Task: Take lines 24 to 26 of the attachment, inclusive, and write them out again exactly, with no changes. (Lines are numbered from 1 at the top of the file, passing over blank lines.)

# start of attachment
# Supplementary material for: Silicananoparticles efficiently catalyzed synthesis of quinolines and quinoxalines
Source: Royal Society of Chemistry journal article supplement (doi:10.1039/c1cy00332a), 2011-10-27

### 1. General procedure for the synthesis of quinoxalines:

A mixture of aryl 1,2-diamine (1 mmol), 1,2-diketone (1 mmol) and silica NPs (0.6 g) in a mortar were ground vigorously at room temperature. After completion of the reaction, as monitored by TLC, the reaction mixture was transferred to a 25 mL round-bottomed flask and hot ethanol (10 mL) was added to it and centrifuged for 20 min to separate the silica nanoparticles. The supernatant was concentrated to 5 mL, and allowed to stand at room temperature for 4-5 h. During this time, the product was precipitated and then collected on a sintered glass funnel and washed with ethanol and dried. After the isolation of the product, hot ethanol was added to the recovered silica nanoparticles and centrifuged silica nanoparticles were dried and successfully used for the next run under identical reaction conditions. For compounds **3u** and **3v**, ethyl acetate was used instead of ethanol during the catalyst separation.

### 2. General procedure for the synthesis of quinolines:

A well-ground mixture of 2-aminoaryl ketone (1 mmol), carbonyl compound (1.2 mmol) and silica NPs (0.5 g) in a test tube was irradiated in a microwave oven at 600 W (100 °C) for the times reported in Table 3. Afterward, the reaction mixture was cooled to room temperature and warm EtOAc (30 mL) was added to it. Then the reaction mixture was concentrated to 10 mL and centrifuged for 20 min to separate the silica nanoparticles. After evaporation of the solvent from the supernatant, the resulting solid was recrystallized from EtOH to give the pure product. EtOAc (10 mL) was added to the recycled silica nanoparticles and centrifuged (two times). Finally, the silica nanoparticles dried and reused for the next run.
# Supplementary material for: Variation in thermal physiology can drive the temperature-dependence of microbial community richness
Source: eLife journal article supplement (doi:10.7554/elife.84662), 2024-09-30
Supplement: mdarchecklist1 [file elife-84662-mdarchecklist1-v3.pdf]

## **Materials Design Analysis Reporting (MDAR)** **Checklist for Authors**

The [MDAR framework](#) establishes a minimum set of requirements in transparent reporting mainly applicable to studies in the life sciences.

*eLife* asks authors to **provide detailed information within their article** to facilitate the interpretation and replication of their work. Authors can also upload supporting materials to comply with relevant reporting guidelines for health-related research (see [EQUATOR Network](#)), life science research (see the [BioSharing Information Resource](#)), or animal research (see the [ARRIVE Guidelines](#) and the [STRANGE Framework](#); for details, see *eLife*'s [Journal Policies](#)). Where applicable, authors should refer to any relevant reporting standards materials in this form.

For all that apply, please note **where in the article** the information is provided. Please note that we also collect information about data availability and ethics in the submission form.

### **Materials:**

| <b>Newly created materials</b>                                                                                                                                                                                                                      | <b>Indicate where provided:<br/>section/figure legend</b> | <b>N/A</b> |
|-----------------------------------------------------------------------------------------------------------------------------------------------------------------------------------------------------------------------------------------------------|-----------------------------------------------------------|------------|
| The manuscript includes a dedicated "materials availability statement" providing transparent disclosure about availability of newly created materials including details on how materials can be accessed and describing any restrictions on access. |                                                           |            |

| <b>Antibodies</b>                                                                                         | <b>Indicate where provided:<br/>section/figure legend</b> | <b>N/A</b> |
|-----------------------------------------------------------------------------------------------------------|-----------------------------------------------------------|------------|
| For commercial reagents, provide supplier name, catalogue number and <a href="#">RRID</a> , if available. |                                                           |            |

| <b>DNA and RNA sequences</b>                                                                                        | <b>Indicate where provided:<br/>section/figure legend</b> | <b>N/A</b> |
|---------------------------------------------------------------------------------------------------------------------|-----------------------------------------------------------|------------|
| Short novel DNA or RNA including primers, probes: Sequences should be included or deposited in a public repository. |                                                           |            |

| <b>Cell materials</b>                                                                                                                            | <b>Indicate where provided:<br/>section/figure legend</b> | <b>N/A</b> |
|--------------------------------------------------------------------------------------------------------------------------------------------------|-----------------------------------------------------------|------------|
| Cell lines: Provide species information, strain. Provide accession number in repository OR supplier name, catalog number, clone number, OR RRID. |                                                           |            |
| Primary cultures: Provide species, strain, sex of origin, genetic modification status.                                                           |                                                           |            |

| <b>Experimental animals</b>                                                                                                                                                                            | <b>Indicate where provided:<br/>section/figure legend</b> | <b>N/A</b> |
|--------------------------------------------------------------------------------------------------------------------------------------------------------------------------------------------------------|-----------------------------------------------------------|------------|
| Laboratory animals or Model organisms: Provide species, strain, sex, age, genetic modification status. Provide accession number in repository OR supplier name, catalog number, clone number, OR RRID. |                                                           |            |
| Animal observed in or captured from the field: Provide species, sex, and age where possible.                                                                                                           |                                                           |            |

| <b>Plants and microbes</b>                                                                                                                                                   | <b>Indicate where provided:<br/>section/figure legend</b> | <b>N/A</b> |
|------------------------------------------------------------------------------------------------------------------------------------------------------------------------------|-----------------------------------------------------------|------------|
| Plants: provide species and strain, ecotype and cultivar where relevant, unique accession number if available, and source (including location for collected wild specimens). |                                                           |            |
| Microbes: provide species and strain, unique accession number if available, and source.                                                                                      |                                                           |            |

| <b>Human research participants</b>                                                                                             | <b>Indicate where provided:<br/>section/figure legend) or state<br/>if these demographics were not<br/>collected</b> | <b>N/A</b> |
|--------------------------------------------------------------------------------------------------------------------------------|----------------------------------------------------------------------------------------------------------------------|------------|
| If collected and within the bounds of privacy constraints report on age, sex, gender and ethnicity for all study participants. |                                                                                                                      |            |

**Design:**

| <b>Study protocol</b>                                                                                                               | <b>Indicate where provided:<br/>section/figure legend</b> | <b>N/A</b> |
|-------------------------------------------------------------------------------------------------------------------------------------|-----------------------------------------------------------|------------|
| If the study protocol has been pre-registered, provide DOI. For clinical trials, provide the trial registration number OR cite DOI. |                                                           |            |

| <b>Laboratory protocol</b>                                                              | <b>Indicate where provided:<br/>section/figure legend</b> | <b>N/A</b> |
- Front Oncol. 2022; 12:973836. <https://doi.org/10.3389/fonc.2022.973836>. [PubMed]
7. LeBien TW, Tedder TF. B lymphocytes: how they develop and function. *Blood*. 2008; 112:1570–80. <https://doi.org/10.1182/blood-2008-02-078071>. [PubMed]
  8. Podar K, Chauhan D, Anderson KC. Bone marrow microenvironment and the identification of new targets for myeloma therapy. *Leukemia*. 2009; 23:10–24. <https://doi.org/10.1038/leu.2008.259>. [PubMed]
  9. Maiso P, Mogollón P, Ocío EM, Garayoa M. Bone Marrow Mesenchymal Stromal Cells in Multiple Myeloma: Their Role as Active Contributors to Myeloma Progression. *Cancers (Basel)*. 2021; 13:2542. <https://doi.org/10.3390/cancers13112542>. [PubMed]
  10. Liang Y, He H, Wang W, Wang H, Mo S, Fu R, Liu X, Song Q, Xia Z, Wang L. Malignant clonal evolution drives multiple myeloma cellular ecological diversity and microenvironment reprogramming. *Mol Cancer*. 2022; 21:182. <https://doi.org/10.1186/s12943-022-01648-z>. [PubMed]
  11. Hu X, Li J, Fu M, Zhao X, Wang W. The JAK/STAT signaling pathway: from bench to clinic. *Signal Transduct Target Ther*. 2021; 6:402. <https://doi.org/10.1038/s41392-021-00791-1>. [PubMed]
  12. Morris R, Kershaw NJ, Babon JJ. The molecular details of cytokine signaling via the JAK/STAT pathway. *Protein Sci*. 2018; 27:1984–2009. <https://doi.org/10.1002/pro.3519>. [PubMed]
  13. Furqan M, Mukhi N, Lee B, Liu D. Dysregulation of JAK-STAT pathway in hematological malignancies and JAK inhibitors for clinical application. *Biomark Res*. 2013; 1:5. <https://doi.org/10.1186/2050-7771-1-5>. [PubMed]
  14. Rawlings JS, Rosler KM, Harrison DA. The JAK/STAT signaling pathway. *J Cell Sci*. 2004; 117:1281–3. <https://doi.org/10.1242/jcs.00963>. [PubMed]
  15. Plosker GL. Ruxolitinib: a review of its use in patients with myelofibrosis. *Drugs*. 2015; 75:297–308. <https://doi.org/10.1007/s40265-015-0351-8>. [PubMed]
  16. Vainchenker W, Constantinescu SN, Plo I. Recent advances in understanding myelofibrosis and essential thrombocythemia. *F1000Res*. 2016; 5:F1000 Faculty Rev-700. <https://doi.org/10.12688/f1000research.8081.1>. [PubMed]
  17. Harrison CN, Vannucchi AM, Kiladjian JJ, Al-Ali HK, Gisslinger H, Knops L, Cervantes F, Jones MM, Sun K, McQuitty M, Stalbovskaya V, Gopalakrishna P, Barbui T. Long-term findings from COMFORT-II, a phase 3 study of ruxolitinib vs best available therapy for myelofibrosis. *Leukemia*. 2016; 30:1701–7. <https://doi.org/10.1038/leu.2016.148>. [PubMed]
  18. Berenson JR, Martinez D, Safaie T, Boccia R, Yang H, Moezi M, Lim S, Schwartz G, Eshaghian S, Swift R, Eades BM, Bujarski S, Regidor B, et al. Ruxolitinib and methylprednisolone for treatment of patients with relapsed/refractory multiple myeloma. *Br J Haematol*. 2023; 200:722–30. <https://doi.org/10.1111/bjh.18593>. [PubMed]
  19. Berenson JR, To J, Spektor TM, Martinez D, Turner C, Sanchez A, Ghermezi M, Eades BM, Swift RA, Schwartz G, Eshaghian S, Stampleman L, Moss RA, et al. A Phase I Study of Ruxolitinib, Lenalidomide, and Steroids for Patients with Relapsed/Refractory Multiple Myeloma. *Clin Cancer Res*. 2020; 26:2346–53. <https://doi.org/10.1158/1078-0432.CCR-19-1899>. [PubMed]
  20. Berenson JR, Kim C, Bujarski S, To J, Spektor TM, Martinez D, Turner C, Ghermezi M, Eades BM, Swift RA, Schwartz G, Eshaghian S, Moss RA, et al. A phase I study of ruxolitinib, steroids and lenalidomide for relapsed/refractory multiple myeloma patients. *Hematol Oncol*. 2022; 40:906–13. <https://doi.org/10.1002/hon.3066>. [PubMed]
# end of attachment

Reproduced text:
| <b>Cell materials</b>                                                                                                                            | <b>Indicate where provided:<br/>section/figure legend</b> | <b>N/A</b> |
|--------------------------------------------------------------------------------------------------------------------------------------------------|-----------------------------------------------------------|------------|
| Cell lines: Provide species information, strain. Provide accession number in repository OR supplier name, catalog number, clone number, OR RRID. |                                                           |            |